Congressman Murtha believes that Bill Clinton’s decision to pull U.S. troops out of Somalia after the October 1993 battle in Mogadishu (which was the basis for “Blackhawk Down”) is an example of how to properly conduct U.S. Foreign Policy.
The thing that disturbed me and worries me about this whole thing is we can’t get them to change direction. And I said over and over in debate, if you listen to any of it, in Beirut President Reagan changed direction, in Somalia President Clinton changed direction, and yet here, with the troops out there every day, suffering from these explosive devices, and being looked at as occupiers — 80 percent of the people want us out of there — and yet they continue to say, “We’re fighting this thing.” We’re not fighting this. The troops are fighting this thing. That’s who’s doing the fighting.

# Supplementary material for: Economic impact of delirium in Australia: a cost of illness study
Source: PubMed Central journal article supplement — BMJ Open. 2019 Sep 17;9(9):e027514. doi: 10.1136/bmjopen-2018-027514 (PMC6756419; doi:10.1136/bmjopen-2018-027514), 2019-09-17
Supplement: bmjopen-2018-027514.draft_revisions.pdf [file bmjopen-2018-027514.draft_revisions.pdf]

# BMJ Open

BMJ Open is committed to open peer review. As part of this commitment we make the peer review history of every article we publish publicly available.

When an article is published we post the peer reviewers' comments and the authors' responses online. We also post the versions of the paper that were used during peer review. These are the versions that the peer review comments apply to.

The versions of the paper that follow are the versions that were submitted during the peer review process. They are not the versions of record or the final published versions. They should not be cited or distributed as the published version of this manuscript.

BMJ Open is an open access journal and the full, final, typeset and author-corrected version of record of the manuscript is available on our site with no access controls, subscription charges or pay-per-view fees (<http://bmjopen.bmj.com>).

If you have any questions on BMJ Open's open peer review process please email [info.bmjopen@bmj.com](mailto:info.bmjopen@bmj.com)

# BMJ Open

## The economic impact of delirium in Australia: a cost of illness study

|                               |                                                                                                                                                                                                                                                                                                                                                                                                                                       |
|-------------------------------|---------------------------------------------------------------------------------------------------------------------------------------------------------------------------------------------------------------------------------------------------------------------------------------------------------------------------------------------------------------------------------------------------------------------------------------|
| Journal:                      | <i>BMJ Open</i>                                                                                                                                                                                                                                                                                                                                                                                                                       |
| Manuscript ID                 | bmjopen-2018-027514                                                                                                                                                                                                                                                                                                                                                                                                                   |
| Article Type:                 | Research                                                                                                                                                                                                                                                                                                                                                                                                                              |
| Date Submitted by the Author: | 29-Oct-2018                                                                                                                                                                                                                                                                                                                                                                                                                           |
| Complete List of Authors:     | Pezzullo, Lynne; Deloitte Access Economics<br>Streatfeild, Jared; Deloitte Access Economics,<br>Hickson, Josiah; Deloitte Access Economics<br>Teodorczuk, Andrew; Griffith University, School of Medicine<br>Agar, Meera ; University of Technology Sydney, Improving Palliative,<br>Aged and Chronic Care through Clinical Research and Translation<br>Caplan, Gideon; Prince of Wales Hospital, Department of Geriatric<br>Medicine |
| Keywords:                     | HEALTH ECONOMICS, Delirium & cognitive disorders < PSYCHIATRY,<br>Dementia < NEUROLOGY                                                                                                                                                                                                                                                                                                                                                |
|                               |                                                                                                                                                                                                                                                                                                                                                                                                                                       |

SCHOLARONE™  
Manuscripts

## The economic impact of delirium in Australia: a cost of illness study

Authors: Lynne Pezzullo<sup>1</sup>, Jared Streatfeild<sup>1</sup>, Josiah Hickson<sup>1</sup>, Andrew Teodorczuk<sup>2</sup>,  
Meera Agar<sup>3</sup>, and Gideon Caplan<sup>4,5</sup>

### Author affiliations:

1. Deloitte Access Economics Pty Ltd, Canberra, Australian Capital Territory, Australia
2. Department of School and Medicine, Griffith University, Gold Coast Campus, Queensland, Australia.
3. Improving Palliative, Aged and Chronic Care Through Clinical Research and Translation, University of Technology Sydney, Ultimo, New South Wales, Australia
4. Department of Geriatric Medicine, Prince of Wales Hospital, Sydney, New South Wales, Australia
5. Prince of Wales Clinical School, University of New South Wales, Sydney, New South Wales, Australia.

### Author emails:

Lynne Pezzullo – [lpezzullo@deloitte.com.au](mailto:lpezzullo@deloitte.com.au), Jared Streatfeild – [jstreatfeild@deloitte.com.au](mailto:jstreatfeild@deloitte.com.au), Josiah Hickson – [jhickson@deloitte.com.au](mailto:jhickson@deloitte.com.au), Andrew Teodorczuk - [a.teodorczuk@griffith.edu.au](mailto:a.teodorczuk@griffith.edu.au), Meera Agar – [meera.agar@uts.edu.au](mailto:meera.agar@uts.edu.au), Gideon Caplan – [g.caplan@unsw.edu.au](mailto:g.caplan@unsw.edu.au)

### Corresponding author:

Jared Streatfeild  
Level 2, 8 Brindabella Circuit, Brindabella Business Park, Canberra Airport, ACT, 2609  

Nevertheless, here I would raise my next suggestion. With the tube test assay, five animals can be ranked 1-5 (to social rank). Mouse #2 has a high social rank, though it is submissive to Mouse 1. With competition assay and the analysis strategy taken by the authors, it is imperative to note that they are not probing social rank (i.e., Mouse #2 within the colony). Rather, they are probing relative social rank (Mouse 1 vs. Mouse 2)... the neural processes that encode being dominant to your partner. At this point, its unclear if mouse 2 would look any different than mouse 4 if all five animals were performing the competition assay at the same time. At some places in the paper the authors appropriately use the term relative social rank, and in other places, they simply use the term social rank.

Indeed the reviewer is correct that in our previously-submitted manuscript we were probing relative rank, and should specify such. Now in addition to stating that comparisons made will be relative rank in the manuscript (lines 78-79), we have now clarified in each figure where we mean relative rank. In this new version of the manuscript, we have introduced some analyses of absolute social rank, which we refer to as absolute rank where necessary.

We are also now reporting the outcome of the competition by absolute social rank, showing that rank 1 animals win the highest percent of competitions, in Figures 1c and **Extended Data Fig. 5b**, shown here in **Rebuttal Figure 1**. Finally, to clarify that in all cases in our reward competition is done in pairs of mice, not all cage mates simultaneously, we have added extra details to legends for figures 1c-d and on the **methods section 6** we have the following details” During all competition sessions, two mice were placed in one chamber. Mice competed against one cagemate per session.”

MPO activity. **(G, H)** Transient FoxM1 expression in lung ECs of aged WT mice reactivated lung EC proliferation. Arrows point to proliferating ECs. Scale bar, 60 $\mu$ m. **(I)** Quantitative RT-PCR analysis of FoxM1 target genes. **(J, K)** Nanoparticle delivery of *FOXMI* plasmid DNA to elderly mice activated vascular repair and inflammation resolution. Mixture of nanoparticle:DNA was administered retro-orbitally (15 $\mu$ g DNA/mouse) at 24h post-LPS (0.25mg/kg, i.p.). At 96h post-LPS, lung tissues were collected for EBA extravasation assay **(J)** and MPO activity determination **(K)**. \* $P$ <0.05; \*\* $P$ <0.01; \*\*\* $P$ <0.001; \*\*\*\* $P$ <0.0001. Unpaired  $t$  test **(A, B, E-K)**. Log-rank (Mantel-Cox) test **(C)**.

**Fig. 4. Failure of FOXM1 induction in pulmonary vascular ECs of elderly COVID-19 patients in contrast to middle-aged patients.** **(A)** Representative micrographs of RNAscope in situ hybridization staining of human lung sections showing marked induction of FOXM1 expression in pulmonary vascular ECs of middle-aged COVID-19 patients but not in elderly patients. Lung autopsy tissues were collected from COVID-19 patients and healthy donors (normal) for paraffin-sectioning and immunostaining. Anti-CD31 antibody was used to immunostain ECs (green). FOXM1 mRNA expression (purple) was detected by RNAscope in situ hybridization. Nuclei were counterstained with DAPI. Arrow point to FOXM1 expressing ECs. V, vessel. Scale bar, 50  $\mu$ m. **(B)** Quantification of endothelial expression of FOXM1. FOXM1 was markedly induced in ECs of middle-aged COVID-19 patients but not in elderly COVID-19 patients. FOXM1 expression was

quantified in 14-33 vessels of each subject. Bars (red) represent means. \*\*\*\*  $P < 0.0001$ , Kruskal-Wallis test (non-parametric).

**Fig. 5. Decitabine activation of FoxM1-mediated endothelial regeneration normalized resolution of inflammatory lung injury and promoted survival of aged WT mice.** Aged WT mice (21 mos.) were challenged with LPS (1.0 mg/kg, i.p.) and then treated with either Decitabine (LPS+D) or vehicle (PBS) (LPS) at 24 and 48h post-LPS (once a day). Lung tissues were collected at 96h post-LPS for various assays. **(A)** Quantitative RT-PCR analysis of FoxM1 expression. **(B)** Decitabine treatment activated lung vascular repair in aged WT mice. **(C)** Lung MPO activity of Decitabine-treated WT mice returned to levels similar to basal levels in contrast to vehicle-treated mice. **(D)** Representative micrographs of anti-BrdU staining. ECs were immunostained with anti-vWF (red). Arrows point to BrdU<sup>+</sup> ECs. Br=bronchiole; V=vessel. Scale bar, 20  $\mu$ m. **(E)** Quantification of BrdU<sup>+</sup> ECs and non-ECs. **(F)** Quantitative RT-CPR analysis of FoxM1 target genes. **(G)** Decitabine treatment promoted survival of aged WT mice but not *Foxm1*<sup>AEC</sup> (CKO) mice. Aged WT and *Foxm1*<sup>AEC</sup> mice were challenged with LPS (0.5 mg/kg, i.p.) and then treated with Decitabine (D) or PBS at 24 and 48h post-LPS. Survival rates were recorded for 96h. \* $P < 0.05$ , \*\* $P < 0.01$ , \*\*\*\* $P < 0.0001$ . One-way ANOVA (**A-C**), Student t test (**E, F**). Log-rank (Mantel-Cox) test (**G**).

Pulling out of Beirut was a mistake but larger international issues at the time relegated it to being a small mistake.
Leaving Somalia was a catastrophe and was a principle factor in shaping Osama bin Laden’s strategy for fighting us :
“After leaving Afghanistan, the Muslim fighters headed for Somalia and prepared for a long battle, thinking that the Americans were like the Russians,” bin Laden said. “The youth were surprised at the low morale of the American soldiers and realized more than before that the American soldier was a paper tiger and after a few blows ran in defeat. And America forgot all the hoopla and media propaganda … about being the world leader and the leader of the New World Order, and after a few blows they forgot about this title and left, dragging their corpses and their shameful defeat.”
Suggesting that the third time is the charm is a bit too much. Mr Murtha says that what “disturbs” and “worries” him is that the administration won’t “change direction”. Given that Murtha was instrumental in Clinton’s decision to cut and run the first time, it is disturbing and worrisome he has not learned his lesson.